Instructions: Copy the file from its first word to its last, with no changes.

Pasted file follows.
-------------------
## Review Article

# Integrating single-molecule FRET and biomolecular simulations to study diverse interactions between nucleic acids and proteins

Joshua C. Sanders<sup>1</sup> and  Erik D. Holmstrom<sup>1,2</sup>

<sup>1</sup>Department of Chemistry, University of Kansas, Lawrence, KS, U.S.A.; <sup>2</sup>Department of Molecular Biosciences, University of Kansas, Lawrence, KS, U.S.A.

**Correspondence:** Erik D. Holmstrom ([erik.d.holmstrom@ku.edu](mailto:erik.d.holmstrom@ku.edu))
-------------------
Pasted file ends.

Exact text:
## Review Article

# Integrating single-molecule FRET and biomolecular simulations to study diverse interactions between nucleic acids and proteins

Joshua C. Sanders<sup>1</sup> and  Erik D. Holmstrom<sup>1,2</sup>

<sup>1</sup>Department of Chemistry, University of Kansas, Lawrence, KS, U.S.A.; <sup>2</sup>Department of Molecular Biosciences, University of Kansas, Lawrence, KS, U.S.A.

**Correspondence:** Erik D. Holmstrom ([erik.d.holmstrom@ku.edu](mailto:erik.d.holmstrom@ku.edu))